Referring now to FIG. 4, a gas supply chamber 33 represents a chamber 28 or 30 of FIG. 3, chamber 30 for example. Gas chamber 33 is illustrated with its respective hollow conduit shaft 22 leading to ring manifold 15. Shaft 22 rotationally oscillates within gas chamber 33 as shown by arrow 34 and is driven by driver 24 (FIG. 3). Gas flow from chamber 33 into hollow shaft 22 is controlled or regulated by a kind of gas flow slide valve assembly 35. Gas flow slide valve 35 comprises a closure or iris member 36 mounted closely adjacent shaft 22 and correspondingly curved therewith. Shaft 22 includes a predetermined sidewall inlet aperture 37 therein adjacent iris member 36 so that iris member 36 will overlie aperture 37 to a greater or lesser degree as an integral function of the rotational position of shaft 22 and its oscillation. As ring manifold 15 and its shaft 22 oscillate, as illustrated and described with respect to FIGS. 2A and 2C, shaft 22 inlet aperture 37 is progressively closed off by iris 36, or progressively more exposed by iris 36, to the gas in supply chamber 33. By this means, gas flow into ring manifold 15 may be changed to correspondingly change the gas/metal ratio of metal spray 19, FIG. 3. Numerous gas flow adjustments are available with the gas flow slide valve assembly 35 as illustrated in FIG. 4. For example, inlet aperture 37 may be of a configuration which, in combination with an iris of a predetermined and cooperative configuration, will admit a programmed delivery of gas, for example, less gas at an early stage in an oscillating cycle to a maximum at the end of the cycle. Alternatively, iris member 36 may be replaced with other such members of different configurations correlated with other apertures 37 of different configurations. One or more set or mounting screws 38 with an elongated screw aperture permit replacement of iris member 36 as well as its clearance adjustment to shaft 22. Because the gas flow control means of this invention is integrated with and activated by oscillation of the converter, it is particularly advantageous when utilized with a computer controlled oscillation system, for example, the system of the noted prior Johnson et al application. The Johnson system is directed primarily to precision control of manifold oscillation. The present invention is primarily directed to gas flow control during manifold oscillation. However, gas flow control is integrally connected with converter oscillation which activates and regulates gas flow in unison with manifold oscillation. Accordingly, the Johnson system represents one advantageous tool or operating means for the gas flow control means of this invention, the combination being illustrated and described with respect to FIG. 5.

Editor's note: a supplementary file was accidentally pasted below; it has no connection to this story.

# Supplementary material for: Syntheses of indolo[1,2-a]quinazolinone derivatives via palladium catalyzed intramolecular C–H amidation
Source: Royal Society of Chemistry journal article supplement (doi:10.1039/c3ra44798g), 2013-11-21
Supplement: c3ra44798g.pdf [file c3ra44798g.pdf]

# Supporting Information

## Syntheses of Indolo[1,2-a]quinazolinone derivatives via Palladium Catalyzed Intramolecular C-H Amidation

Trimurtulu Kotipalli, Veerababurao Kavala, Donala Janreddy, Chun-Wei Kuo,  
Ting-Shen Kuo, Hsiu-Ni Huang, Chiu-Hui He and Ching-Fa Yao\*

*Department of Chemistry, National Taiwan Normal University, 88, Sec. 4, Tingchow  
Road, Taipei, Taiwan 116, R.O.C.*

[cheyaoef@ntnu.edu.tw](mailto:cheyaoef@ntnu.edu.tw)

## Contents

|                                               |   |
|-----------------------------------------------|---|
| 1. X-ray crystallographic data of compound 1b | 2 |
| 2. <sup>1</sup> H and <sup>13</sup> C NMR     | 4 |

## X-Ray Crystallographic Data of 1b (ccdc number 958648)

Referring now to FIG. 5, computer control system 39 comprises a programmable computer 40 operatively connected to a driver 41. Driver 41 is connected to an encoder 42 which is integral with a D.C. (direct current) motor 43 and the combination of encoder 42 and motor 43 operates as a servomotor 44 to rotate drive shaft 25 through flexible coupling 26 and manifold 28 to drive hollow shaft 21 for oscillation of ring manifold 15. Either one or both gas chambers 28 and 30 of FIG. 5 may include the gas control means of FIG. 4, and gas delivery to ring manifold 15 is regulated through computer 40 control of the oscillation cycle of ring manifold 15 since a change in the oscillation characteristics such as frequency, cycle rate, operational angle, etc., will change the gas flow through the slide valve 35 of FIG. 4 and result in a change of the gas/metal ratio and temperatures in spray pattern 19.
Oscillation is an important control feature for manifold gas flow control in this invention, and precise control over oscillation will provide the dual feature of an optimum spray pattern and gas flow control for stabilizing temperatures in the spray pattern.
For oscillation control of ring manifold 15 14, the above described servomotor 44 is interfaced with programmable computer 40 to enable encoder 42 to send a signal to host computer 40. Servomotor 44 rotates its drive shaft 25 and hollow shaft 21 which is fixed to ring manifold 15 and rotates ring manifold 15 according to a predetermined motion profile or oscillation pattern. Electrical power input to system 39 is obtained from a suitable power source 45 to driver 41. Encoder 42 determines the angular position of drive shaft 25 and generates a signal representative of the position of the drive shaft 25 which is transmitted to computer 40. Computer 40 includes the hardware and software necessary to read the signal from the encoder and calculate the position of drive shaft 25. Computer 40 then compares the position of drive shaft 25 with the programmed or calculated motion profile to determine if there is an error in the position of drive shaft 25. If there is an error in motor 43 output, computer 40 calculates a correction and provides a corrective signal to driver 41 which controls motor 43 to obtain a corrected output. As illustrated in FIG. 6, encoder 42 and computer 40 act as a feedback system which provides the servo feature to driver 41 and motor 43.